The Spanish Royal Academy has just updated the official dictionary with 200 words that have “been added or given new meanings” as a result of the crisis, reports the International Herald Tribune.
The term Ni-Nis, for example, describing “the legions of young people who are neither studying or working” – much like our “Neets” – has become commonplace.
In Greece, you’ll hear neoptohi, meaning the “new poor”, a “play on the Greek word for nouveau riche”, and poukou, the “pre-crisis era”.
In Italy, you’ll hear spreaddite, which is apparently used to describe “the intensification of suffering caused by the high spread”.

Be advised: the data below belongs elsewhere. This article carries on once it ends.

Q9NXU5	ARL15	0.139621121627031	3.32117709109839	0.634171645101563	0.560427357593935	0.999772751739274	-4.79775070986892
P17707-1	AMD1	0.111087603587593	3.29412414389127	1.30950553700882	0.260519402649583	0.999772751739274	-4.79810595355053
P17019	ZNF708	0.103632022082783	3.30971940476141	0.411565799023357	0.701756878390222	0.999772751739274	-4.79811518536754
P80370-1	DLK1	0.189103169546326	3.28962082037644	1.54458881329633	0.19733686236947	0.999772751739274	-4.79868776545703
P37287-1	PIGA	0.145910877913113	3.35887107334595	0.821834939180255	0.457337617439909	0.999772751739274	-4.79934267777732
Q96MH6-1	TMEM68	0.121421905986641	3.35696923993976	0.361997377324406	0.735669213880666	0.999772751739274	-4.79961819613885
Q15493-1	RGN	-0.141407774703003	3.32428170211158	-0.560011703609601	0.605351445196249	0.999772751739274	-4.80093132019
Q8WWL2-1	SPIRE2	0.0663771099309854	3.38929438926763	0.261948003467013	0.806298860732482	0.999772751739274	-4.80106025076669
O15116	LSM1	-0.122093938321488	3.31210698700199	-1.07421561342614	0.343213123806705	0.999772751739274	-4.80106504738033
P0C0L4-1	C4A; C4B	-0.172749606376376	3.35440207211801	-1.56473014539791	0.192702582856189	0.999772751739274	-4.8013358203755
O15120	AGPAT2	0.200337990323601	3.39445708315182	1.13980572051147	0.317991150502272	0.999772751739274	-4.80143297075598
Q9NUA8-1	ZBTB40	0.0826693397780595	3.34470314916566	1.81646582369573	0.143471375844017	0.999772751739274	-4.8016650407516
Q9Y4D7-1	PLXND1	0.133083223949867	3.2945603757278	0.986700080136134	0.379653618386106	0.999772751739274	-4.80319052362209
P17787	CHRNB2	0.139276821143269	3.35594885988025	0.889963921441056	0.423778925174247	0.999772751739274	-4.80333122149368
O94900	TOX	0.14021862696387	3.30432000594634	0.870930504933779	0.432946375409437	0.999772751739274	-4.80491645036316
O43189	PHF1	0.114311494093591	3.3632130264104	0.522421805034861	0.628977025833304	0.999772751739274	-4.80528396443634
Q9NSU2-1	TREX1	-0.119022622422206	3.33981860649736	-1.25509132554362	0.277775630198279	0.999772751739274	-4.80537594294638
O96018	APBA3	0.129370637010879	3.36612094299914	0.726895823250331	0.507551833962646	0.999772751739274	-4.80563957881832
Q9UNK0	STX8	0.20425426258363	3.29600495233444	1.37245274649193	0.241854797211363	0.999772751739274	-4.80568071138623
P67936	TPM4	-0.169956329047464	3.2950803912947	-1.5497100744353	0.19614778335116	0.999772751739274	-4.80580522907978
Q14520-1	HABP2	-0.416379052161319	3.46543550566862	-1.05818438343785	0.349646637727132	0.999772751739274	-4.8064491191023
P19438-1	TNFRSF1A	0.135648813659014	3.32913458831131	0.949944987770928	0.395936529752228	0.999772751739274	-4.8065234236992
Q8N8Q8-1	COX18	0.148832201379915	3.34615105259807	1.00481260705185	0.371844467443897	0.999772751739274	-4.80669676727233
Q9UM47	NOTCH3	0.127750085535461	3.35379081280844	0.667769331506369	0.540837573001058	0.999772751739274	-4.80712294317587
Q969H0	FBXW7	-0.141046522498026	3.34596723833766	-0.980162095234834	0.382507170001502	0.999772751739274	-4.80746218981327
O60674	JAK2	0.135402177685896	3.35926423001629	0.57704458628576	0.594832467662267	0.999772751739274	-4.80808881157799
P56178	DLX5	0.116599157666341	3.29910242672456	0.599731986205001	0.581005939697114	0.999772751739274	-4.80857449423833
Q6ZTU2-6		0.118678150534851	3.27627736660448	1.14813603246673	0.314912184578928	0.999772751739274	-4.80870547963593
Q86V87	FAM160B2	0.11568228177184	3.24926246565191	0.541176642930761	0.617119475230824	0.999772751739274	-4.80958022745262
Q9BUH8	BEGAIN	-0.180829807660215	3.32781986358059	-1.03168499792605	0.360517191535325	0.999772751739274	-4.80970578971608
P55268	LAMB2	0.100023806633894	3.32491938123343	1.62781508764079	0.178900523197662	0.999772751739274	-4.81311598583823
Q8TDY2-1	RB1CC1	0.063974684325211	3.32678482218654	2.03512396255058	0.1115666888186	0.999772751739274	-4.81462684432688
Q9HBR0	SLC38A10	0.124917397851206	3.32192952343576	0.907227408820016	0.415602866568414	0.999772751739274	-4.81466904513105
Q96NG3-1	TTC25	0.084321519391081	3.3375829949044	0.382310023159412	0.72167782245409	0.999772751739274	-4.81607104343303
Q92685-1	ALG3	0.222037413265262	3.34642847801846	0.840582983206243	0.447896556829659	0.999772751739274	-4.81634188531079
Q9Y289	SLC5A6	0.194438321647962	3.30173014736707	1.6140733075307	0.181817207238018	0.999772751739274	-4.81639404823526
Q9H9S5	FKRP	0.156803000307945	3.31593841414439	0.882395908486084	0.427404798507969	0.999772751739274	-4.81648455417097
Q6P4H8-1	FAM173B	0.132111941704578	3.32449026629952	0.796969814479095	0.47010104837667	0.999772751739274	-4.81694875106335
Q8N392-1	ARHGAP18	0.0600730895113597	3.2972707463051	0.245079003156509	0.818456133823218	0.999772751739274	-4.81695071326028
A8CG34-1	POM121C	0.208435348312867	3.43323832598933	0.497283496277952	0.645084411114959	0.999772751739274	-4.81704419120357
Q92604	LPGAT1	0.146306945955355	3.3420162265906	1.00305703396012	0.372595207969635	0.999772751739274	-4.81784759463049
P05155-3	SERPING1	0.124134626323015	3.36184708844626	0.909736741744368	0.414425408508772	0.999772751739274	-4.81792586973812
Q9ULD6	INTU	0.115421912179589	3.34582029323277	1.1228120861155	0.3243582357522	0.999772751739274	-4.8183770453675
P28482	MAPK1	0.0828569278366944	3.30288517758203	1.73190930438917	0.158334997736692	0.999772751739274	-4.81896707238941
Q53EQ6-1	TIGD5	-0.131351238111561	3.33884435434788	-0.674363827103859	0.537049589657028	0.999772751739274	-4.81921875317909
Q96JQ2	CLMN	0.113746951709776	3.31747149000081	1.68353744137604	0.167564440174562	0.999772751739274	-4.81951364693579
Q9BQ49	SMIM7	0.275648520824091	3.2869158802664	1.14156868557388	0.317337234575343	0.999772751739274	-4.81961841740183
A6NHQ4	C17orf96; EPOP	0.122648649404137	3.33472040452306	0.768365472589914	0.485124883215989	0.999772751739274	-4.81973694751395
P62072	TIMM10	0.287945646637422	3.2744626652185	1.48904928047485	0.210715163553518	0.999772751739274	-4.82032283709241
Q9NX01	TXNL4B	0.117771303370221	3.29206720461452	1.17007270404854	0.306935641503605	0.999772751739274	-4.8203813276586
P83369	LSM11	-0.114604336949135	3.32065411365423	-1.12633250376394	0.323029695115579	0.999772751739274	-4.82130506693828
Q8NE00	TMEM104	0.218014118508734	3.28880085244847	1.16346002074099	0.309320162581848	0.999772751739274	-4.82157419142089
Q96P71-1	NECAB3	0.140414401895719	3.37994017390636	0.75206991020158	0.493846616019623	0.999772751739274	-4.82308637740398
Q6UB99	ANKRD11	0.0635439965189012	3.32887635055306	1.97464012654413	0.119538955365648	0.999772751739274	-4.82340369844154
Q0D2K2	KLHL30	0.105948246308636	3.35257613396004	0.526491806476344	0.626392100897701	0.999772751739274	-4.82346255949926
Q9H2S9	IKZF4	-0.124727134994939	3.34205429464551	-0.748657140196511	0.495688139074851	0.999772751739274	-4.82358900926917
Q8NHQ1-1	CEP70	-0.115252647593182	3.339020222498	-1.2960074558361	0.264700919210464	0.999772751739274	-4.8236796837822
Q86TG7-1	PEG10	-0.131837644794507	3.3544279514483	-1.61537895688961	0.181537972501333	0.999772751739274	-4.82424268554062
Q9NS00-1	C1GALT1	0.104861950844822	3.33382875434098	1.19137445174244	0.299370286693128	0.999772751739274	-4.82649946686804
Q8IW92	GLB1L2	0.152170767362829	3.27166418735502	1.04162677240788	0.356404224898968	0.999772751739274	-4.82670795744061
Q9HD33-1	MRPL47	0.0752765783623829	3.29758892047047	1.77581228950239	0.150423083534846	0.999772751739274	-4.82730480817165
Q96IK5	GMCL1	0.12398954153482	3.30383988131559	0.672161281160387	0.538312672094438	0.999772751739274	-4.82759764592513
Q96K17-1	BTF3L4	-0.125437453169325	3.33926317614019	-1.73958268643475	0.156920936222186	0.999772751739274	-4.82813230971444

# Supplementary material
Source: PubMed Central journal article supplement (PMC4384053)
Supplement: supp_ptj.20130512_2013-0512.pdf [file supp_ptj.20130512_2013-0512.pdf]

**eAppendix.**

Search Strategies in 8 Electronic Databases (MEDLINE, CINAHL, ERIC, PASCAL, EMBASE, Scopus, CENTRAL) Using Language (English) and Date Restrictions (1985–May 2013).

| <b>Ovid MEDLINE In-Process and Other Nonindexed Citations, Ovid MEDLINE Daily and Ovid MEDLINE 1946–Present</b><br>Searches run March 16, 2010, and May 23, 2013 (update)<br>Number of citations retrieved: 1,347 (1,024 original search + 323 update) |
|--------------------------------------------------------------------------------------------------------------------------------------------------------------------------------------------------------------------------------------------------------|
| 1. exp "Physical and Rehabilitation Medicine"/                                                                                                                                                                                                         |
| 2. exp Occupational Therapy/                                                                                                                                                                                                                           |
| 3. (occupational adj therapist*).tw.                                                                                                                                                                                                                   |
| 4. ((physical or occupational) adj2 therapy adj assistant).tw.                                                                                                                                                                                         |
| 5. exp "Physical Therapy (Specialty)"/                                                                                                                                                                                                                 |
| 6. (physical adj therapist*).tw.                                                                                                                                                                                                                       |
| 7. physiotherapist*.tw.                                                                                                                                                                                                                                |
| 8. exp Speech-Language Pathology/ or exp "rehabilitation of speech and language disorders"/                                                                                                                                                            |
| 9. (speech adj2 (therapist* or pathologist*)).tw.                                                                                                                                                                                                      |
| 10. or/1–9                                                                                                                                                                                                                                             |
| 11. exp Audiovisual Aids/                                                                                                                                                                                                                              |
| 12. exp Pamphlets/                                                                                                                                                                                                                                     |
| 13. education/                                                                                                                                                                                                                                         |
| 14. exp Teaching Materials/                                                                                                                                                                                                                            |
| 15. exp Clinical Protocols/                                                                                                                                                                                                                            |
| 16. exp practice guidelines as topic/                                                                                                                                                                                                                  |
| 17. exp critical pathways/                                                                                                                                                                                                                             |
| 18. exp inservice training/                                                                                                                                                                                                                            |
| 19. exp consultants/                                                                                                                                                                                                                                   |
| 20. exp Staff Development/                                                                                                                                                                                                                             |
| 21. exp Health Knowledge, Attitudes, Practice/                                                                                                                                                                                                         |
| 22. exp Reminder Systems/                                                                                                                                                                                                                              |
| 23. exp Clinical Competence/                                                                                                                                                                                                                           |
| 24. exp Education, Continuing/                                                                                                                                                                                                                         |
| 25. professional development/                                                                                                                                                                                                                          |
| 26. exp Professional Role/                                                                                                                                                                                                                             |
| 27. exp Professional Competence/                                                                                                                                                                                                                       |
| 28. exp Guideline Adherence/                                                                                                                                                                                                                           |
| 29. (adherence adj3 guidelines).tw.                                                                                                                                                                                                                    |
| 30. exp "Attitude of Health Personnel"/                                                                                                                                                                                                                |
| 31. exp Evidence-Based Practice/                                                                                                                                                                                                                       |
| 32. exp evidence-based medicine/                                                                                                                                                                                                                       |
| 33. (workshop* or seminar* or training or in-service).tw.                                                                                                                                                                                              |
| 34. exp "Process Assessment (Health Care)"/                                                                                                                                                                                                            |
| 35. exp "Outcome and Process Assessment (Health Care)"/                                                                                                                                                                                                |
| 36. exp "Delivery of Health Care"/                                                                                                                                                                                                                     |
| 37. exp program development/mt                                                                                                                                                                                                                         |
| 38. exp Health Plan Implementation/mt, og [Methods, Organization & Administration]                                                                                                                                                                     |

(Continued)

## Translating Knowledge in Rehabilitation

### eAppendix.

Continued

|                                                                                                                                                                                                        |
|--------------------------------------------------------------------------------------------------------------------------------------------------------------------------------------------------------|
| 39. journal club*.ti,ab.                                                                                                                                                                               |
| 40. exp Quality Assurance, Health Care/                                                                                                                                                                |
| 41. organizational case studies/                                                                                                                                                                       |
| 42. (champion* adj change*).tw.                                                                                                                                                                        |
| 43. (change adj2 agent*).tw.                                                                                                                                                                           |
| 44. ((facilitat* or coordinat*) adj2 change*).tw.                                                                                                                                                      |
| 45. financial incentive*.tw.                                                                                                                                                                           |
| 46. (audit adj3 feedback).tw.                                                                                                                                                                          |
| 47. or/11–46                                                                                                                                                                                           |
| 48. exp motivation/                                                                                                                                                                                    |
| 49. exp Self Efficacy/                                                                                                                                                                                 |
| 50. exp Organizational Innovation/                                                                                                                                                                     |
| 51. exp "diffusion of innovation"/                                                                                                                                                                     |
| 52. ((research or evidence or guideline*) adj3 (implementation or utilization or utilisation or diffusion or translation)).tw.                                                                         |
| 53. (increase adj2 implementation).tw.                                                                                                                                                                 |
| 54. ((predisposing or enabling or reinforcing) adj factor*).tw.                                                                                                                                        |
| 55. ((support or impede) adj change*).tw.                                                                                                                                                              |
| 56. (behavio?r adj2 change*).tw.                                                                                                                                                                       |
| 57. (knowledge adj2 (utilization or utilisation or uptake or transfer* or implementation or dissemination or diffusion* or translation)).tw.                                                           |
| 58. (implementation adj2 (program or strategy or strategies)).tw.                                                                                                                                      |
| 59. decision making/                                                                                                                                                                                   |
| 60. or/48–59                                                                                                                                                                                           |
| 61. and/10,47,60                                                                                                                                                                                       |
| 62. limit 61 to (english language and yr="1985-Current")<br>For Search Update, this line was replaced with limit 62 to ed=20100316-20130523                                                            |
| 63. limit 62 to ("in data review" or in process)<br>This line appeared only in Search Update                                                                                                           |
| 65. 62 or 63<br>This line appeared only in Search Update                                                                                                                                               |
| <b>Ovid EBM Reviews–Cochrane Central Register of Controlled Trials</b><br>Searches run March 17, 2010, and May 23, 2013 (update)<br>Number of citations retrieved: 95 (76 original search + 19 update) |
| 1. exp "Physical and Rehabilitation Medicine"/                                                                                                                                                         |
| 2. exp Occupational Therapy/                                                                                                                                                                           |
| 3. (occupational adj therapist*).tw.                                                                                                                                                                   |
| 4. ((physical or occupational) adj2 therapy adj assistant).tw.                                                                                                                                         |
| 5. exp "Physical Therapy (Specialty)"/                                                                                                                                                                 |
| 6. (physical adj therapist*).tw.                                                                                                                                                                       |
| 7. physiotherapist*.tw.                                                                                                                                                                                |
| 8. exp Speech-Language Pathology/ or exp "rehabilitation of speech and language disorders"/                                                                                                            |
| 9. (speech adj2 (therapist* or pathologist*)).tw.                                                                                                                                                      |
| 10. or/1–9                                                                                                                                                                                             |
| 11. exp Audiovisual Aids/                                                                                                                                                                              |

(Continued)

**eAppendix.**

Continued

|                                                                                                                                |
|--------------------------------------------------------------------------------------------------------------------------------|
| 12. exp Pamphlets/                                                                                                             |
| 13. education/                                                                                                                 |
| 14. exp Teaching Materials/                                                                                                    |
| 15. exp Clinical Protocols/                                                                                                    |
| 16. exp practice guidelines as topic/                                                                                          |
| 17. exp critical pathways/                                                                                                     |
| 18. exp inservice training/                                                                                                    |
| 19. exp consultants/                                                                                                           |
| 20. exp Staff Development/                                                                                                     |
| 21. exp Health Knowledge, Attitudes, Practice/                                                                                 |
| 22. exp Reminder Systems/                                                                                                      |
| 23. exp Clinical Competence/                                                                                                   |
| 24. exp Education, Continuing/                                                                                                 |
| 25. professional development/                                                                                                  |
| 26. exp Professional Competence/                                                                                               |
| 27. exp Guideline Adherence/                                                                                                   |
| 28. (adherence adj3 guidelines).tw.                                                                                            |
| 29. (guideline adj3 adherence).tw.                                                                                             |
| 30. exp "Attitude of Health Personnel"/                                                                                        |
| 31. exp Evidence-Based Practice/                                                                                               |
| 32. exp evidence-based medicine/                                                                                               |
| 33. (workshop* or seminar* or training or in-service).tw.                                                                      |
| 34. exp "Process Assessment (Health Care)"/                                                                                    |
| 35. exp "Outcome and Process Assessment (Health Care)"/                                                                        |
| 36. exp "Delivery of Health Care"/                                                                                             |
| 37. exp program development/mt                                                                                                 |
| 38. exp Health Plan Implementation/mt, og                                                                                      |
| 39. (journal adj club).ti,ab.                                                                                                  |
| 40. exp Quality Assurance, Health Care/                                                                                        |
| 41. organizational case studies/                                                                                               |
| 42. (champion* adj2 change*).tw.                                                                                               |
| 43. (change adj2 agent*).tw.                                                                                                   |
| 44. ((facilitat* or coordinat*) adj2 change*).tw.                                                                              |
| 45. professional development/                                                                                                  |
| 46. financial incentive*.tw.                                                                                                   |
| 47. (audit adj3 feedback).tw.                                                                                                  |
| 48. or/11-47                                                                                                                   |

Portugal, meanwhile, has grandolar, which means “to subject a government minister to a singing protest using a revolutionary hymn”.
The crisis has also fomented a certain amount of “Euro newspeak”, according to German commentator Axel Hacke in the Süddeutsche Zeitung a couple of years ago. Particularly obnoxious, he argues, is the term ““euro emergency parachute”.
The European Union has plenty of linguistic issues of its own. A recent publication identified a list of misused terminology in EU publications.